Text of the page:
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CGD Policy Blogs

 

How $500 Million in U.S. Aid Can Help Pakistan’s Flood Victims Rebuild

This is a joint post with Wren Elhai

Last week, the Government of Pakistan hosted officials from the United States and more than 30 donor countries and multilateral agencies in Islamabad for the Pakistan Development Forum. The big news from the two-day event was the announcement that the United States would accelerate disbursement of $500 million in previously committed aid to help Pakistan meet its flood rebuilding needs. (This pledge is above and beyond the more than $500 million the United States had previously committed to the immediate humanitarian needs from the flood.) What officials did not announces is what the US flood aid will be used for. My CGD colleagues Alan Gelb and Caroline Decker have recommended one proposal that the U.S. policymakers are currently considering: directing up to $500 million to finance a housing capitalization fund for flood-affected households.

Can Oil Money Be Spent Well? Alan Gelb on Resource Revenues and Development.

Alan GelbMany developing countries have found that large deposits of oil or other natural resources are more a curse than a blessing. My guest on this week's Wonkcast is Alan Gelb, a senior fellow at the Center for Global Development. Together with co-author Sina Grassman, Alan has written a paper that explores the options facing developing countries with abundant natural resources and draws on historical evidence to recommend best practices for dodging the 'resource curse.'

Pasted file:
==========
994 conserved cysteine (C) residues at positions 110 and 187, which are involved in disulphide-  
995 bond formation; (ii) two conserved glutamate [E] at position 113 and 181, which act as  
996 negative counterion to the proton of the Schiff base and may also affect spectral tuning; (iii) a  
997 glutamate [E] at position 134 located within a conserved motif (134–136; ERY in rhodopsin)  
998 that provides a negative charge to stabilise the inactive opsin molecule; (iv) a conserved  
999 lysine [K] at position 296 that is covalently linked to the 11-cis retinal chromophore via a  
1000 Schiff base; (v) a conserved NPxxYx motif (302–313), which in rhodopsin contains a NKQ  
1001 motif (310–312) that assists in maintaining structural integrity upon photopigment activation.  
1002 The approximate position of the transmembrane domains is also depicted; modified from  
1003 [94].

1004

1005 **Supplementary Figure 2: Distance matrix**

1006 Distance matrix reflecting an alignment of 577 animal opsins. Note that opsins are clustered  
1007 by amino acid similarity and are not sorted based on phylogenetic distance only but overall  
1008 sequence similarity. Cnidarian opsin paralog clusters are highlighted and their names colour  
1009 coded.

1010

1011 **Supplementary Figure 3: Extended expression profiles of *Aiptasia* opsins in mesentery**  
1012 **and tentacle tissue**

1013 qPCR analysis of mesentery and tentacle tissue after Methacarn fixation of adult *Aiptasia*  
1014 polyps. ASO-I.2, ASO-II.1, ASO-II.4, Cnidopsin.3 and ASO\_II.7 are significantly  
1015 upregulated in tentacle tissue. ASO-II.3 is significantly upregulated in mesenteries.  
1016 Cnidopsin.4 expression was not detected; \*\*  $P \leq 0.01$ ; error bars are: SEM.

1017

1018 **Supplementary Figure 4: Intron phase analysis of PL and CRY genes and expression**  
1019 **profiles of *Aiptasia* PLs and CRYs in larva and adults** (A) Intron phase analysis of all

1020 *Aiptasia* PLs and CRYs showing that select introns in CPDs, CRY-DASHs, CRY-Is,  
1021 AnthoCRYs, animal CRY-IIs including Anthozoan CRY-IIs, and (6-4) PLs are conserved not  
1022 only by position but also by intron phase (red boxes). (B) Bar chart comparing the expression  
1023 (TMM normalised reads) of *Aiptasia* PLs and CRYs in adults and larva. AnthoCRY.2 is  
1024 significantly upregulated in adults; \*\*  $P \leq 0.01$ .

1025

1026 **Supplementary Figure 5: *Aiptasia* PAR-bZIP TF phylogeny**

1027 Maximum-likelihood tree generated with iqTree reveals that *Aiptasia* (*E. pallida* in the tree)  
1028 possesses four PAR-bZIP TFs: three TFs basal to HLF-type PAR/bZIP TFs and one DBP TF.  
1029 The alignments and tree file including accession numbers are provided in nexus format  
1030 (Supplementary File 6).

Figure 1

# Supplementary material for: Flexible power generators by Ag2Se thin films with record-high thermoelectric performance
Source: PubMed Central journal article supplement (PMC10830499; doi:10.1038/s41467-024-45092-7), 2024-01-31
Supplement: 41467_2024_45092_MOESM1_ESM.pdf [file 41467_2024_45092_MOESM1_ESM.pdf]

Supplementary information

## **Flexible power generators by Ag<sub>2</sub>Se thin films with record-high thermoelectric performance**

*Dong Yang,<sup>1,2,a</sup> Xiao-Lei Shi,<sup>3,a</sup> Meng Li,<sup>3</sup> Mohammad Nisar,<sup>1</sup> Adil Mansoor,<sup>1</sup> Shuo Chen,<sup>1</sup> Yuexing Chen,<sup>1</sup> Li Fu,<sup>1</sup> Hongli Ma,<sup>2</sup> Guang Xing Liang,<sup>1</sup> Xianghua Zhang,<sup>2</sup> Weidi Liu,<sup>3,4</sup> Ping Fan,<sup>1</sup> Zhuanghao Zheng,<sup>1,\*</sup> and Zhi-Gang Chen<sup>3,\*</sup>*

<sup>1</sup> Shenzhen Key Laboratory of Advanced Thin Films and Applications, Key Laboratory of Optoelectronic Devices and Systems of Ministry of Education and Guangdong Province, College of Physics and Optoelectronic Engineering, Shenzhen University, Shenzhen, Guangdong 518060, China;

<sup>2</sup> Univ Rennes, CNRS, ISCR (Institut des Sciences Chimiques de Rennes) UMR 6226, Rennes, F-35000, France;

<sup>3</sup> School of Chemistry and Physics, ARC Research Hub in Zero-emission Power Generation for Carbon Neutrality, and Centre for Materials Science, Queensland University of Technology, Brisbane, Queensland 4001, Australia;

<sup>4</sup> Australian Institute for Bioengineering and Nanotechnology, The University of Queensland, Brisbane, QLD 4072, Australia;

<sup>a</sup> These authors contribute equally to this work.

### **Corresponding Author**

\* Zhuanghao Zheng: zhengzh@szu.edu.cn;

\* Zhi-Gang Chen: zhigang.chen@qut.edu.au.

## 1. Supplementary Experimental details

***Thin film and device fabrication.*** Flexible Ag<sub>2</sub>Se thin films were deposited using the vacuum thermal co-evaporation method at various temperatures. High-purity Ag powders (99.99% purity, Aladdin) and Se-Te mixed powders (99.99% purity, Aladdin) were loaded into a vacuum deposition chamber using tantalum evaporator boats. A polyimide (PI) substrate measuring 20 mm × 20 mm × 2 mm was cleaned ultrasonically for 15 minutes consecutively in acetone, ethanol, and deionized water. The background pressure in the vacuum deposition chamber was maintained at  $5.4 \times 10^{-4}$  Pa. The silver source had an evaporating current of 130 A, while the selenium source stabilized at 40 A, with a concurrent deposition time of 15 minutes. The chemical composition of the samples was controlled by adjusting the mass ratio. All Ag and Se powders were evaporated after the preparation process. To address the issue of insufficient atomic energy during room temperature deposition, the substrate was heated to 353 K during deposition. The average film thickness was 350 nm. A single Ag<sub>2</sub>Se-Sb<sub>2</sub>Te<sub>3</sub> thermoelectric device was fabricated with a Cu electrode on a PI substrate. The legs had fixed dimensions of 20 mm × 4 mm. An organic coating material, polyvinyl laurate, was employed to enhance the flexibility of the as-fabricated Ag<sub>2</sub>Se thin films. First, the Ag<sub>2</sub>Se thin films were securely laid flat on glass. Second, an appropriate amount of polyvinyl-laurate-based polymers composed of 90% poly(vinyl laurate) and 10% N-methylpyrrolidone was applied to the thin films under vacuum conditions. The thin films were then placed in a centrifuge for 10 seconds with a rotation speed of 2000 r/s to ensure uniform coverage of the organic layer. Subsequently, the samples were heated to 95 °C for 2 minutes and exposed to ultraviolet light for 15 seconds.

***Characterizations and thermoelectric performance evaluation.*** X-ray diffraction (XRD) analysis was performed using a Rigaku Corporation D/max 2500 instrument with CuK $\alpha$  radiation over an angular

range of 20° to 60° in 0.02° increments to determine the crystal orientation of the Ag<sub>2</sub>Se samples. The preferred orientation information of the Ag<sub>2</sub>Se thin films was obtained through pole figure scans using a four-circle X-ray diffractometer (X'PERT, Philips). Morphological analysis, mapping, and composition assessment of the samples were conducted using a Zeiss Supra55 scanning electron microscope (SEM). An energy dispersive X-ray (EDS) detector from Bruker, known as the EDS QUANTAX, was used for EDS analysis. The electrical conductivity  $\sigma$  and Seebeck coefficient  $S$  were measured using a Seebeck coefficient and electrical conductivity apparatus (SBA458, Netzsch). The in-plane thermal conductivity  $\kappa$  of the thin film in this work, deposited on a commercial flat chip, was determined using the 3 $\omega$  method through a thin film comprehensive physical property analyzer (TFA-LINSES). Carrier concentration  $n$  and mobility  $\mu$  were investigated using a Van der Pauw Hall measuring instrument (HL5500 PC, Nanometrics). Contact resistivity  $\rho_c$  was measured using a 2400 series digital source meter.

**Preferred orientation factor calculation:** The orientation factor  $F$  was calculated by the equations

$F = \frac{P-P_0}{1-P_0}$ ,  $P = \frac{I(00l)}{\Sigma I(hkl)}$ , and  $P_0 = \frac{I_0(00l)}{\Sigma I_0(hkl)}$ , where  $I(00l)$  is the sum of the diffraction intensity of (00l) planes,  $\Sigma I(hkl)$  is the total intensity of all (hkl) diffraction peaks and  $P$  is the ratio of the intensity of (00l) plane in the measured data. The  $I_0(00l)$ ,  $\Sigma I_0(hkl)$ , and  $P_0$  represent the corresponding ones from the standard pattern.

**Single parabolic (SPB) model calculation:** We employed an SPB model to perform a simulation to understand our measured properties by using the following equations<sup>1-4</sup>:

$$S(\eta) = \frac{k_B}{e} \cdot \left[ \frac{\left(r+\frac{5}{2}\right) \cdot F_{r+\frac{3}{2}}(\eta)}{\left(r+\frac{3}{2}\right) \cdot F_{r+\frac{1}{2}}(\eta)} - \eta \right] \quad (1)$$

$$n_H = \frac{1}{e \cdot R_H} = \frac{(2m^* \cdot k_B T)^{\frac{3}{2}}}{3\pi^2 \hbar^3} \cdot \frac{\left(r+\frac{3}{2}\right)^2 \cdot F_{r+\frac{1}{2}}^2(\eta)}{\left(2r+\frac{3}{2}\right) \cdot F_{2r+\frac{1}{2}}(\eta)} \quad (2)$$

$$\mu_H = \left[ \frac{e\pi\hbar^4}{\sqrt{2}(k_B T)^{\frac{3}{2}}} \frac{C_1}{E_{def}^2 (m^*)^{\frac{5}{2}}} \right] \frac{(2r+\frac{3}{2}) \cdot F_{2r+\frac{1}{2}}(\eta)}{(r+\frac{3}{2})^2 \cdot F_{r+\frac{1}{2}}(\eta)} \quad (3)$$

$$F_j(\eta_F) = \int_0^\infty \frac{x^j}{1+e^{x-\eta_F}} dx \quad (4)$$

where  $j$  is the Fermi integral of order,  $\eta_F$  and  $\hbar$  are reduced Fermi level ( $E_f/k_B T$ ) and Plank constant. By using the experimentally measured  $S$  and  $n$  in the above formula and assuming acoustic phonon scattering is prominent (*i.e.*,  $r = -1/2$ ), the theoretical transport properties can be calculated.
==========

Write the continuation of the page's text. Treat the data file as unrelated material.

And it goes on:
U.S. Financial Reform Act Requires Disclosure of Resource Payments in Developing Countries

This is a joint post with Sarah Jane Staats

The U.S. financial reform bill passed by the Senate today and now headed to President Obama for his signature will have far reaching impact on poor people in the developing world if it succeeds in reducing the severity of future financial crises. But even if it fails in this regard, a provision requiring oil, gas and mining companies registered with the Securities and Exchange Commission (SEC) to publicly disclose their tax and revenue payments to governments around the world could be a big boost for increased transparency in countries afflicted with what has come to be called “the resource curse.”

UNESCO’s Decision to Accept Money from One of Africa’s Worst Dictators is Outrageous

This posting is joint with Julia Barmeier

According to its website, the United Nations Educational, Scientific and Cultural Organization (UNESCO) has stopped accepting nominations for its UNESCO-Obiang Nguema Mbasogo International Prize for Research in the Life Sciences. But we are guessing that the applicant pool remains quite small. Frankly, who would want his or her name affiliated with one of Africa’s worst dictators? Besides UNESCO, that is.